I had my husband install one coat hook in the laundry, and it is very nice to have, although it’s currently mostly where I hang my masks between uses.

      Our laundry room doubles as our tornado shelter. We keep a bin of Ritz crackers, bottled water, and various emergency sundries in there. The laundry room is also home to the kids’ squirt gun arsenal and sand castle molds.

      Pre-third kid, my buddy used to do online English for kids in China. She did this amazing thing with one wall of her laundry so that it looked like a classroom when her camera was pointed right.


  7. Cornell op ed in the WSJ saying they’re opening because the kids will come back anyway (because many live off campus) and this way we can have control over screening them. Williams and Yale plan to extensively screen as well (and, I think Yale).


  8. Pomona sent a dire email to families saying their heads are exploding and they don’t know what’s happening in California. Private schools here are announcing hybrid models where they have 1/2 their student population on campus at a time.


    1. bj said, “Private schools here are announcing hybrid models where they have 1/2 their student population on campus at a time.”

      College or K-12?

      At this point, I’m thrilled by any on-campus presence at all. If our kids school and college can manage any in-person classes (even half-time) it will be like winning the lottery.

      A vaccine would be nice, too.


  9. We probably could have had schools this fall but instead we prioritized reopening bars and hairdressers, going to parties, mask apathy, and public health conspiracy theories and data manipulation.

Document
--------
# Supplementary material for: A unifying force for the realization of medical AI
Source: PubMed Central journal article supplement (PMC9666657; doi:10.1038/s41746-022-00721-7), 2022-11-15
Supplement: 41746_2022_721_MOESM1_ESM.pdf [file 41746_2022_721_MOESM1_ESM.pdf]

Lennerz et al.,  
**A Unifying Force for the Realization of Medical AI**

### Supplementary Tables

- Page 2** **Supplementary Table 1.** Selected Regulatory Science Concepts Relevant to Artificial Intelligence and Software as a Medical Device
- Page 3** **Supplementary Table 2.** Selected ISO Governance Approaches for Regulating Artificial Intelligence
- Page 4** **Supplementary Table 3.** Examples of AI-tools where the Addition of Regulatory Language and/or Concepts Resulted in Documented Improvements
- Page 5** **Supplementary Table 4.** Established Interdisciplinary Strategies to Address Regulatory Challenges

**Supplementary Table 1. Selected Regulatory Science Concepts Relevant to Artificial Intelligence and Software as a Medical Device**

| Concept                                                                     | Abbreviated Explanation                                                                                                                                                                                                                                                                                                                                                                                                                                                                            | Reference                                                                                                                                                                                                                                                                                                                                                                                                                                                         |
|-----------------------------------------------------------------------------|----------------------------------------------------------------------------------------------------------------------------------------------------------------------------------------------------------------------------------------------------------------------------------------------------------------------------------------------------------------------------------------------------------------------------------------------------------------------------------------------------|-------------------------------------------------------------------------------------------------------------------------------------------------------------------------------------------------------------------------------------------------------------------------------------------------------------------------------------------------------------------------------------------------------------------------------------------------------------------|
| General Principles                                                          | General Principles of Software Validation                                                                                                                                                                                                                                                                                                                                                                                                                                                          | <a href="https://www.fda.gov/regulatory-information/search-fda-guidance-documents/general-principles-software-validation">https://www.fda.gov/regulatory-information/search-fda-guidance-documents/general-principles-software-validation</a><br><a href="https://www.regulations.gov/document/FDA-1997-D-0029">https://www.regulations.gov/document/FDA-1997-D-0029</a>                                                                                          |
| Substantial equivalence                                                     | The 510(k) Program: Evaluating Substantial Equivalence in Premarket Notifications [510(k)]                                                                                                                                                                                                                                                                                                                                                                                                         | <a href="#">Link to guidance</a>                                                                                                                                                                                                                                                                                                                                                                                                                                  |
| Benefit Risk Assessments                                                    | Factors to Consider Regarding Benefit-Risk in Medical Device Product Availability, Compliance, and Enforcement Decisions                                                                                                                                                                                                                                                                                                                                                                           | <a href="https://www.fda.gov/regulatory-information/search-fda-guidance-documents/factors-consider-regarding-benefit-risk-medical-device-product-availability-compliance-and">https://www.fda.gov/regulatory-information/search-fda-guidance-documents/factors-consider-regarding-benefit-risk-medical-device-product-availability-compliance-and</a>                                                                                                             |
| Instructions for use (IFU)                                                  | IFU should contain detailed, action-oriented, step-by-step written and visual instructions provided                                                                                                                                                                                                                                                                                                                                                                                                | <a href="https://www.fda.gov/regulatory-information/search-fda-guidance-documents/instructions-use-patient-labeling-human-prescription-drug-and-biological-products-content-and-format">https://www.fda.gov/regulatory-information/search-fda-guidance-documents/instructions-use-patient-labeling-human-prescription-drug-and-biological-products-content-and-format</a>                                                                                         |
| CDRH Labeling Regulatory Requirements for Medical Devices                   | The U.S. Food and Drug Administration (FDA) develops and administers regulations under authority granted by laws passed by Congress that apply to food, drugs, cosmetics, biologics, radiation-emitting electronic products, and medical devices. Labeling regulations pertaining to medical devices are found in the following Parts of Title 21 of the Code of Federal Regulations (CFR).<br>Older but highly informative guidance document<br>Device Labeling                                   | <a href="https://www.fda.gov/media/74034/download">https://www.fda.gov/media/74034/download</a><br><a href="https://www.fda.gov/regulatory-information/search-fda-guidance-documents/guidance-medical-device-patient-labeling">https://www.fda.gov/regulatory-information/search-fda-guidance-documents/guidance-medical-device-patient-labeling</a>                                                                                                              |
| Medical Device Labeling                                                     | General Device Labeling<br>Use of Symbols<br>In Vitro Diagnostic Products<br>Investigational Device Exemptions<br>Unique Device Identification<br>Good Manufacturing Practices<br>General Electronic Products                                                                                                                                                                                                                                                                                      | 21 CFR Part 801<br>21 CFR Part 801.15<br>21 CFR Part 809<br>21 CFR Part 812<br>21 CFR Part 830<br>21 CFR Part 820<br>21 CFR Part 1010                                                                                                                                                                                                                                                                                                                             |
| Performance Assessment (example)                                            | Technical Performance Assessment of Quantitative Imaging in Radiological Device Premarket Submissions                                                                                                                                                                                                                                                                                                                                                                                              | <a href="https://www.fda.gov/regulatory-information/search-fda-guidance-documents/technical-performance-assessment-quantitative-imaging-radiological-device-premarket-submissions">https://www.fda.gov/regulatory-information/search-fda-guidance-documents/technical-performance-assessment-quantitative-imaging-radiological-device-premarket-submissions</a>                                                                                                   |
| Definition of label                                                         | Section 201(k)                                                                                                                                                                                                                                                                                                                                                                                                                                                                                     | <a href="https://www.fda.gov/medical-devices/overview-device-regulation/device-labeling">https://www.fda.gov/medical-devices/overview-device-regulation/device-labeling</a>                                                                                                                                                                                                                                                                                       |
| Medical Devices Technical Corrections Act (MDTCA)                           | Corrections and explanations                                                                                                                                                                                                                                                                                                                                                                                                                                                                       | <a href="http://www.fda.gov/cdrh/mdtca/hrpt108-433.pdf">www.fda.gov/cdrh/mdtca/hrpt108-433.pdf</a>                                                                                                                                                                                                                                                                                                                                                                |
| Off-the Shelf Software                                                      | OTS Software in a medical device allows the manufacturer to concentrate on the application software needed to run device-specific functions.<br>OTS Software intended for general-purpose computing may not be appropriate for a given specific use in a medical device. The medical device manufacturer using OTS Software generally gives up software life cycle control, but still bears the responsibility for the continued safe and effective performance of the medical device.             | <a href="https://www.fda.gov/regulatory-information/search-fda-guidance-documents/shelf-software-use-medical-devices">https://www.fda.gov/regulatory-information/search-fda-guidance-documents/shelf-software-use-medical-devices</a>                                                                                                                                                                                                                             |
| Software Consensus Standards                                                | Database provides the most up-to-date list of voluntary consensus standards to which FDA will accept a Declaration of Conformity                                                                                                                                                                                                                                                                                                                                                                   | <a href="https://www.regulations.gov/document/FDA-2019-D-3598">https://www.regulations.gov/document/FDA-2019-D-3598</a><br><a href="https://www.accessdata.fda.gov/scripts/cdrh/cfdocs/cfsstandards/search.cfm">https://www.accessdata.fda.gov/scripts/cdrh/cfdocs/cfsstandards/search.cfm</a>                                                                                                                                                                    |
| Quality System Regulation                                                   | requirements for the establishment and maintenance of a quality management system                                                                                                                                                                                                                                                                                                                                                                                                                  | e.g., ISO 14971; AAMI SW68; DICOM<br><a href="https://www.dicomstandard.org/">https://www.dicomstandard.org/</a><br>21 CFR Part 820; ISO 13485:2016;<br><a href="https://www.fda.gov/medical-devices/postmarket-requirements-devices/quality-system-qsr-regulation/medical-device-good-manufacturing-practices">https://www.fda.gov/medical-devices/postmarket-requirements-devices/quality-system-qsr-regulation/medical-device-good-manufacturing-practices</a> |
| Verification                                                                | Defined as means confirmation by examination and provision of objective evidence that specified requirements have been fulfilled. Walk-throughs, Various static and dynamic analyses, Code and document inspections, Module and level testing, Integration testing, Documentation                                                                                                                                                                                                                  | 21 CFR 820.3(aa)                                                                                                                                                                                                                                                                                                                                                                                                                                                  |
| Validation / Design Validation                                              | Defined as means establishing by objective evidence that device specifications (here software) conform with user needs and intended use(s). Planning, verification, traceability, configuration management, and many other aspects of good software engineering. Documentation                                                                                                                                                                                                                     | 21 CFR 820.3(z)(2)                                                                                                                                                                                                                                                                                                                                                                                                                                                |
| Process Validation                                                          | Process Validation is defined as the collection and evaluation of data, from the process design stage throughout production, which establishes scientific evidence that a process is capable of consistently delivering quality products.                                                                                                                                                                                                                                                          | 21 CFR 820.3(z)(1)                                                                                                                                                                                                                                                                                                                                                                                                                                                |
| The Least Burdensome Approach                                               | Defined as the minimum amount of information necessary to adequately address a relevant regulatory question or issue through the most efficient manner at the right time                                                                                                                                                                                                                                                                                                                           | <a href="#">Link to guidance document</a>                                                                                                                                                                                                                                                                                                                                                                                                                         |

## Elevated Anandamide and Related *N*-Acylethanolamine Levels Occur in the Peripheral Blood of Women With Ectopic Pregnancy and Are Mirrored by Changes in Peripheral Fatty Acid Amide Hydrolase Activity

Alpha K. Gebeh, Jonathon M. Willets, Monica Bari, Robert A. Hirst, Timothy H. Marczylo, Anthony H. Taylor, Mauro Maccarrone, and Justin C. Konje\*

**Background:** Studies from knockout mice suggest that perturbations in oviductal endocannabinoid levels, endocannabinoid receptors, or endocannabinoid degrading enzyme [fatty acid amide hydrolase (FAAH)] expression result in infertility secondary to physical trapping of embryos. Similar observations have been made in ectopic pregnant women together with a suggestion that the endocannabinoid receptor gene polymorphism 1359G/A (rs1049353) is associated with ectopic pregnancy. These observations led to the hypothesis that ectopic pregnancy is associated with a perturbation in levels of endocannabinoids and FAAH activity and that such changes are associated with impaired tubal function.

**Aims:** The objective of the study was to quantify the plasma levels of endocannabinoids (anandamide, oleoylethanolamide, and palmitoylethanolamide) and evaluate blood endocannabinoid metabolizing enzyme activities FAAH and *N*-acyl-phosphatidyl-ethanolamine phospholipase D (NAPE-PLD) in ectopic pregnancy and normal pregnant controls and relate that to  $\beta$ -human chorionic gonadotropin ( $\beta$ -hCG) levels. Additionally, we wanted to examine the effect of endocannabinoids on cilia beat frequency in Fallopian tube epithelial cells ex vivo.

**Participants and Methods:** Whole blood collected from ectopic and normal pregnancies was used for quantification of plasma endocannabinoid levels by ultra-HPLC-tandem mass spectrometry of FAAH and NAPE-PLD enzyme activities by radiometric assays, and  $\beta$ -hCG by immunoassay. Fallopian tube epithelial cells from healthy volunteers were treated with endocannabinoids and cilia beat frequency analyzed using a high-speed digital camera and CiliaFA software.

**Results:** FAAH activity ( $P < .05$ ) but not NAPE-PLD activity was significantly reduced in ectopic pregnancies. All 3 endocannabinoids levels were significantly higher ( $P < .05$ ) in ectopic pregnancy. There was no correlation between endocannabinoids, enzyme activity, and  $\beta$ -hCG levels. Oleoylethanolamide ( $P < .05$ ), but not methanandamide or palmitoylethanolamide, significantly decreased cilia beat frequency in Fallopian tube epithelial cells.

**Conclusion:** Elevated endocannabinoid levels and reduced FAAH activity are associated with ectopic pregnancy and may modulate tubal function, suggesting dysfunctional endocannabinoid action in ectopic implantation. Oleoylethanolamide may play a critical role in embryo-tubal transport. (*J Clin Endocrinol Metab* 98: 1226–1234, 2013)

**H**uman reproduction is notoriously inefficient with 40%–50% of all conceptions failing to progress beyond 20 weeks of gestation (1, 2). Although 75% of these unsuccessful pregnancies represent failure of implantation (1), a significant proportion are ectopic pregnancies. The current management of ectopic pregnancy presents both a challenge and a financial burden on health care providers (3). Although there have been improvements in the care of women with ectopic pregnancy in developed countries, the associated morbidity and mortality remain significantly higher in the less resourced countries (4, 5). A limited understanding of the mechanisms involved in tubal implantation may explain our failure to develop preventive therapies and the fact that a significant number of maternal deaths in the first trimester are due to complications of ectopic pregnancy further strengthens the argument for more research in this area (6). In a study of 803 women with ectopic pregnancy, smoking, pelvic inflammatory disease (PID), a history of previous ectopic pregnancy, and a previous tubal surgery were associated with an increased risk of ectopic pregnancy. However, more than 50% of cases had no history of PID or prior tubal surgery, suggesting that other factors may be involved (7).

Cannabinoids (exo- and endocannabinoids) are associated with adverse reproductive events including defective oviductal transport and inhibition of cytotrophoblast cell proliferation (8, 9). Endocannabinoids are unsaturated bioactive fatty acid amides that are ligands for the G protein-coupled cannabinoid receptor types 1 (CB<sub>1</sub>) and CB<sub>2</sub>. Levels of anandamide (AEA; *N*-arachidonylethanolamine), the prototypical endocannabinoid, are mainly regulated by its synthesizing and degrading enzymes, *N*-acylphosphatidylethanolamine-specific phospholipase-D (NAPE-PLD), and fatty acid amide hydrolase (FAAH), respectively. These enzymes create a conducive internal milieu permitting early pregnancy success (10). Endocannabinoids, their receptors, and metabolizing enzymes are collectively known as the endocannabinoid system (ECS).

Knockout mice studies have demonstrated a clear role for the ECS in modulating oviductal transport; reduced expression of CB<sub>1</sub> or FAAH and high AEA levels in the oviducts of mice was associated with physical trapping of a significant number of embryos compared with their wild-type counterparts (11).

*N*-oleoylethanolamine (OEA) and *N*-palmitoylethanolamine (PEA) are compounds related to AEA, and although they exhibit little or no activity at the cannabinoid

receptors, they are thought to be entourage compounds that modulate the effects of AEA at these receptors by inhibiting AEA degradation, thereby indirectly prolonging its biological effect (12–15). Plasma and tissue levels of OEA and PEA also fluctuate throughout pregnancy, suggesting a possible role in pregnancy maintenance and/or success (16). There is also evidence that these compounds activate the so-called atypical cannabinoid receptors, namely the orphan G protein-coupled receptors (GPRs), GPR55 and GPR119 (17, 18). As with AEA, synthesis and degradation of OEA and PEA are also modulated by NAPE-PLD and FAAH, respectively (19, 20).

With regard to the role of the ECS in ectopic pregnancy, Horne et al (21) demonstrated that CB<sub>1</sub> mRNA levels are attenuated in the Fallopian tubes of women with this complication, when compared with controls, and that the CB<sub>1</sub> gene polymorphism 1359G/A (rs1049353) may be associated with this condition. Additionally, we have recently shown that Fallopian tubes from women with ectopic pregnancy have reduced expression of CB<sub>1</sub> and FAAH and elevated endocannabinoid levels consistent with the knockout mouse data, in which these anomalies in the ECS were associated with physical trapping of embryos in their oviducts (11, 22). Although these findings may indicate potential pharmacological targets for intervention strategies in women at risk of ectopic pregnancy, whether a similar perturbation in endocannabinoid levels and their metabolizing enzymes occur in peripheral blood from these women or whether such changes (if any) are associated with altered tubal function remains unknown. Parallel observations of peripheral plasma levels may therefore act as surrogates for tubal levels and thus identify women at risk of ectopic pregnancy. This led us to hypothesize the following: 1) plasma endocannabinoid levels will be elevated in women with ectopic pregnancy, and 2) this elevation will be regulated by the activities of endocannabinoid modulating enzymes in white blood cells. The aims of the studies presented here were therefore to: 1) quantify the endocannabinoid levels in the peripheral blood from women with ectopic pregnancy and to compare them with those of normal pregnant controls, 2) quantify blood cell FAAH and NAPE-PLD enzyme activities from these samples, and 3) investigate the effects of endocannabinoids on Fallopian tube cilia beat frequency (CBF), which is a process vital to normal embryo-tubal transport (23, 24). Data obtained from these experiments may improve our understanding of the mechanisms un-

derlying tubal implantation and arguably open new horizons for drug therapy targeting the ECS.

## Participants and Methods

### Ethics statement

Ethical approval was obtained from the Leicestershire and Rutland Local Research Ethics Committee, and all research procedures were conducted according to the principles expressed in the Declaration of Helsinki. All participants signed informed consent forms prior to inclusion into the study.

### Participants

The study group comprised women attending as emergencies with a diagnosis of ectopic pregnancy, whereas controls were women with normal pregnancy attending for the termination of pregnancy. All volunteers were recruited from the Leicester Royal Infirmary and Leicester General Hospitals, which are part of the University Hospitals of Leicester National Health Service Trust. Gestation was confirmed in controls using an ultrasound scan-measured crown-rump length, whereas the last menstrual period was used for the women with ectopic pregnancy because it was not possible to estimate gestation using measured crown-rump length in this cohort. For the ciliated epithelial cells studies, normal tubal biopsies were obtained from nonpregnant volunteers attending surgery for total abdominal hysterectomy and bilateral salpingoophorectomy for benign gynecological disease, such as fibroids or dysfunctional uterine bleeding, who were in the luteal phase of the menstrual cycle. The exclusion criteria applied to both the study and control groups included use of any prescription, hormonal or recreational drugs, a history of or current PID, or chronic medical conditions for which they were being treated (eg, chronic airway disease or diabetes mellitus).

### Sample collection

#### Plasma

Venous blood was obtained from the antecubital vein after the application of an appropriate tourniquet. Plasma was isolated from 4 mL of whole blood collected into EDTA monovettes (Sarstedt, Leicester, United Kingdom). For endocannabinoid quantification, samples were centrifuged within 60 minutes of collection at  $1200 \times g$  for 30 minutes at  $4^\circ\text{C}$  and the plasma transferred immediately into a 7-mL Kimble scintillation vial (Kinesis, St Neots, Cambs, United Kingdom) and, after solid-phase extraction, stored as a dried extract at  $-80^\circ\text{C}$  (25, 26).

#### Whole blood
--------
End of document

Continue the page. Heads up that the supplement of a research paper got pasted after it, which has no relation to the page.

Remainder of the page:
Hope this tradeoff was worth it to the people who dragged us into it.


    1. Jay said, “We probably could have had schools this fall but instead we prioritized reopening bars and hairdressers, going to parties, mask apathy, and public health conspiracy theories and data manipulation. Hope this tradeoff was worth it to the people who dragged us into it.”

      …and keeping travel from Europe open way too late, keeping NYC schools open until NYC was mid-pandemic, keeping subways open, not requiring masks on subways, not cleaning subways until literally months into the pandemic, NY’s failure to protect nursing home workers and transit workers, lying to the public about mask efficacy to preserve supplies of PPE for hospitals, dumping sick people in nursing homes (a bunch of Northern governors), both parties doing rallies well into March, cross-country vacations, and (last but not least) hundreds of thousands of people packed into the streets in May and June participating in mass protests because it was so, so very important to do so in May/June 2020 in the middle of a pandemic. People couldn’t possibly have phoned or emailed their members of Congress instead and/or rescheduled their marches for after the pandemic? What percentage of people who packed into the streets (because it was so very important) bothered to make any contact with any of their elected representatives?

      My growing suspicion is that the BLM protests were a sort of lightly disguised (but very successful) youth anti-lockdown protest.